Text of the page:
29 June 2007
Desperate times make for strange allies, which is why Prince is partnering with the Mail on Sunday. His new album 'Planet Earth' will be given away free as a covermount with the conservative tabloid on 15 July 2007, before the album has even been released in the shops. I can imagine the two million readers spluttering tea all over their croissants as they catch snippets of Prince's bad-boy lyrics. The paper has reportedly stumped up half a million pounds for the rights to the album and is encouraging Prince fans to pre-order the paper. The deal has royally teed-off distributor BMG, which has pulled out of its deal to distribute the album to UK shops as a result.
Prince has also made his new single 'Guitar' available as a free download [link no longer available] in a promotion with O2 for a limited period. And that's free as in 'no money' and free as in 'no controls' too - it's an MP3 with no restrictions on how you can use it. O2 took out a quarter page full colour advert in Metro to advertise the promotion.
For Prince, these are smart deals. It's a long time since he had anyone putting any serious money into promoting his work. The last couple of albums had great distribution, but that just made it easy for existing fans to buy it. They didn't reach out to many new listeners, even though they marked something of a return to form following a few years of patchy output (albeit touched by genius, at times).
Prince could just upload his music to the web and give it away, but then who's going to pay for the cost of producing an album and sustaining the artist during its creation?
With this deal, Prince can afford to give his album away to as many people as possible. To give an idea of scale, this deal will put at least 2 million copies of his album on the street on day one. His greatest creative achievement 'Lovesexy' has only sold 4.82 million in nearly 20 years, according to Wikipedia. (His bestselling album 'Purple Rain' shifted 22.8m units, according to the same source).
Does this devalue the music? Undoubtedly. Most free CDs end up in landfill unplayed, I suspect. It's hard to argue that people shouldn't copy music if you're giving it away with the telly pages. Since there's no distribution deal in the UK for the album at the moment, these free CDs will probably trade briskly on Ebay for a penny plus postage.
Does this deal devalue journalism? Yes, it probably does, also. The Mail on Sunday, in common with most newspapers, seems confused about what business it's in. Clearly, publications are in the business of distributing advertising and this could be seen as advertising. But increasingly, newspapers foist unwanted films and CDs onto listeners who have no choice but to bin them. With this move, the Mail on Sunday is basically conceding that it doesn't matter what their writers produce; what sells papers is a good covermount. While this deal might introduce some Daily Mail readers to Prince's music, it seems unlikely many who buy the paper for the CD will become regular subscribers.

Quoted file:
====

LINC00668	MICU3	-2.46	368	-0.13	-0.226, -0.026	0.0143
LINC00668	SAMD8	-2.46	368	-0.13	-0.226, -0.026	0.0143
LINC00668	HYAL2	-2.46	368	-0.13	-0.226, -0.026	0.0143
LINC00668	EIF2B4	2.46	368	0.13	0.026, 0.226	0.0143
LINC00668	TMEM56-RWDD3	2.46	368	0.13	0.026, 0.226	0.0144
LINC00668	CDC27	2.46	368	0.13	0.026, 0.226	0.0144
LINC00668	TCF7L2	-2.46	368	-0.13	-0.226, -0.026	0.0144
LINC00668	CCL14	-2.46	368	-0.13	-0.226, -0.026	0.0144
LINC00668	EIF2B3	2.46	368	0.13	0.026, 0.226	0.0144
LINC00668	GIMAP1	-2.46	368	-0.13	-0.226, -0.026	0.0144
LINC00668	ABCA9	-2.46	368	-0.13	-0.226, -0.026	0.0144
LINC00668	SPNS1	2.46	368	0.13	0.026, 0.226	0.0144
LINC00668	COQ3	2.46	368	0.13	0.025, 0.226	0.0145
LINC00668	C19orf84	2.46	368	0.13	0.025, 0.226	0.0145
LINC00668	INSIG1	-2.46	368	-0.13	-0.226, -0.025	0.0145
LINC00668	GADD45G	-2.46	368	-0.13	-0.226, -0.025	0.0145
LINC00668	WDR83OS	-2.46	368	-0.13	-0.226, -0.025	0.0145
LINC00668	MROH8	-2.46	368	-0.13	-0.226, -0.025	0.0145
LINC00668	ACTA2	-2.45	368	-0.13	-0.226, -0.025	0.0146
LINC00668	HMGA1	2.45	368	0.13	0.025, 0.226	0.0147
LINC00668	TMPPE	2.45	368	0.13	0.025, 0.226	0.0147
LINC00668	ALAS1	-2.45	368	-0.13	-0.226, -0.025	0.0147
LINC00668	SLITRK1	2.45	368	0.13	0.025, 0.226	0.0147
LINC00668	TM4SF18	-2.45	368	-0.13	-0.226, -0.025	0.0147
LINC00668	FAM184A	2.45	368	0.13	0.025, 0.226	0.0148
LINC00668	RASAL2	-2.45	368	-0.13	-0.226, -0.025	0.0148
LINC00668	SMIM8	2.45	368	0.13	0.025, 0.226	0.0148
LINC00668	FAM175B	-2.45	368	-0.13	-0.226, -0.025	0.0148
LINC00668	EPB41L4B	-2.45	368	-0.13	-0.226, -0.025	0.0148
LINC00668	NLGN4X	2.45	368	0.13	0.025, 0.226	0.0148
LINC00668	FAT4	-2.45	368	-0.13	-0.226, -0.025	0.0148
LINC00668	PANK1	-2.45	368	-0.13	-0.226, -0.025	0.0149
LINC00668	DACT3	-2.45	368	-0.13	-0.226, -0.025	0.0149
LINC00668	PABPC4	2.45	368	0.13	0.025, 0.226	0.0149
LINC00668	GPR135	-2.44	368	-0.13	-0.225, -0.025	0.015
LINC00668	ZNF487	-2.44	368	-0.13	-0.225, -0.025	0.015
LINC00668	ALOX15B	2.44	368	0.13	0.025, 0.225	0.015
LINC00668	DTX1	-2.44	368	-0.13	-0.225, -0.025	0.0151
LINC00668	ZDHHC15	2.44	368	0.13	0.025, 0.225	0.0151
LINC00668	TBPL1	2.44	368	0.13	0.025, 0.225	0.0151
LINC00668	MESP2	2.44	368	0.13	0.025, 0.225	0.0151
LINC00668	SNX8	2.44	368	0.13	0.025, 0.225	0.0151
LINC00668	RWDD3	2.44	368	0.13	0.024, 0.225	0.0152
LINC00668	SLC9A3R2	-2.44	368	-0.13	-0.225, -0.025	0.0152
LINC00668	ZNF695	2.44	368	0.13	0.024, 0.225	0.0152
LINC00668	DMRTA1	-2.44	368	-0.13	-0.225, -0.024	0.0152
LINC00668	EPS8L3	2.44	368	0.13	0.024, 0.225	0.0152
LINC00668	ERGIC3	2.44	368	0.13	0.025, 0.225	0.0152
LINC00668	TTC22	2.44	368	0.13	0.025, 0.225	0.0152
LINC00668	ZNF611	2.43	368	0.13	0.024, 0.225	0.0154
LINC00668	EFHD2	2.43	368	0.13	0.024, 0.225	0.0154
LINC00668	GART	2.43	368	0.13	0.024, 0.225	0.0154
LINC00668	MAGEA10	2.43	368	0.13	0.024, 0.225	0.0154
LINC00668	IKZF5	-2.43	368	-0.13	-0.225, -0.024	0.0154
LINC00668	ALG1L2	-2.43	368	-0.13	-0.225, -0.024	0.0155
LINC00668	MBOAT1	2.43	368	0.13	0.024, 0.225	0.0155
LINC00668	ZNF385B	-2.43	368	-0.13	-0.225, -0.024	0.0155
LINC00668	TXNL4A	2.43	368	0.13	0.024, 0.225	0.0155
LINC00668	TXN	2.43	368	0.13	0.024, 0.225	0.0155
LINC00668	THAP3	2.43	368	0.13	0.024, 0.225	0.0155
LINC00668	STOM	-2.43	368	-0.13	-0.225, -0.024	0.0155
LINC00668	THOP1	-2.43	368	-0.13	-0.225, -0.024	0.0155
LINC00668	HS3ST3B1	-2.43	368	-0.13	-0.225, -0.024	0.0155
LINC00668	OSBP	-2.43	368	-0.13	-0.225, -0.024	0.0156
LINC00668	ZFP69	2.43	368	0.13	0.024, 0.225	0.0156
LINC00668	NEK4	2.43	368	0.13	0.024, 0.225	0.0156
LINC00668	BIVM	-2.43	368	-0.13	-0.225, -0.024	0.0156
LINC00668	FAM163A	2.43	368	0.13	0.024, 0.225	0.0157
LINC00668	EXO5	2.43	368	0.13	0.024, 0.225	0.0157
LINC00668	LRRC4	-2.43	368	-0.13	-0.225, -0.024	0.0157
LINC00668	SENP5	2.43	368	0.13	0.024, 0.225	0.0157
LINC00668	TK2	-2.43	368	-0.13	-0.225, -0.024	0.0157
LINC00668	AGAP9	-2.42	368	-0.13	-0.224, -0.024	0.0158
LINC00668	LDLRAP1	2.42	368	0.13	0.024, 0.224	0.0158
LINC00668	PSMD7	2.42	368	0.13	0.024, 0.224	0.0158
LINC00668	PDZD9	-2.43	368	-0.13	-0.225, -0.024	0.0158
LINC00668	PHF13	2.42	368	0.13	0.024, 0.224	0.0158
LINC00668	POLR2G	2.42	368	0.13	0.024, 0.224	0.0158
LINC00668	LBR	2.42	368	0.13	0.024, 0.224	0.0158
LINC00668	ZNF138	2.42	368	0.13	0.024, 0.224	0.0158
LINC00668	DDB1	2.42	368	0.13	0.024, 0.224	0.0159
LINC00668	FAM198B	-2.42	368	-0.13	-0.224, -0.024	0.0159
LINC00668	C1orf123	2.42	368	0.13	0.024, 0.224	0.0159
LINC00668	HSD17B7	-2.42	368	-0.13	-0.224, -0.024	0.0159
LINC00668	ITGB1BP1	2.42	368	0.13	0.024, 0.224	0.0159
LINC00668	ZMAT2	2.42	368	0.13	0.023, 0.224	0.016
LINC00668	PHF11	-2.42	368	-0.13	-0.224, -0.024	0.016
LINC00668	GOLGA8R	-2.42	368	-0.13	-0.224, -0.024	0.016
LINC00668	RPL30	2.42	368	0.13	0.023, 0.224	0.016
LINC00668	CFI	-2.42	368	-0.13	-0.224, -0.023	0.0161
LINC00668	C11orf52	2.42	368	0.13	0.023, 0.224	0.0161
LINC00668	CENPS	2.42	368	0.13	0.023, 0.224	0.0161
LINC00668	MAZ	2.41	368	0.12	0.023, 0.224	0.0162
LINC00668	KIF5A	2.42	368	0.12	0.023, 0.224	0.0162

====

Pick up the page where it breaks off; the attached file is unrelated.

But these are desperate times. At work, we're mourning the loss of our local Fopp, after the chain announced it was closing. It's becoming hard for record shops to survive. They can't compete with the range and pricing of Amazon, and the bargain basement of second hand back catalogue CDs on Ebay. I bought many albums in Fopp, including several that I heard for the first time in the store and wouldn't otherwise have considered buying. Without record shops, brand is likely to become even more important when it comes to shifting units online because you can only sell what people already want. People don't browse just to see what's there in the way they do in a store, and you can't force shoppers to listen to the lastest releases online.
Prince has shown he can build his brand in today's ailing music industry. He's taken a first step towards changing the economics of his business, earning money through concerts and giving away music to build demand for tickets. But he might just have burned some bridges along the way. It remains to be seen whether the record industry or Prince has the more sustainable model in the long run.
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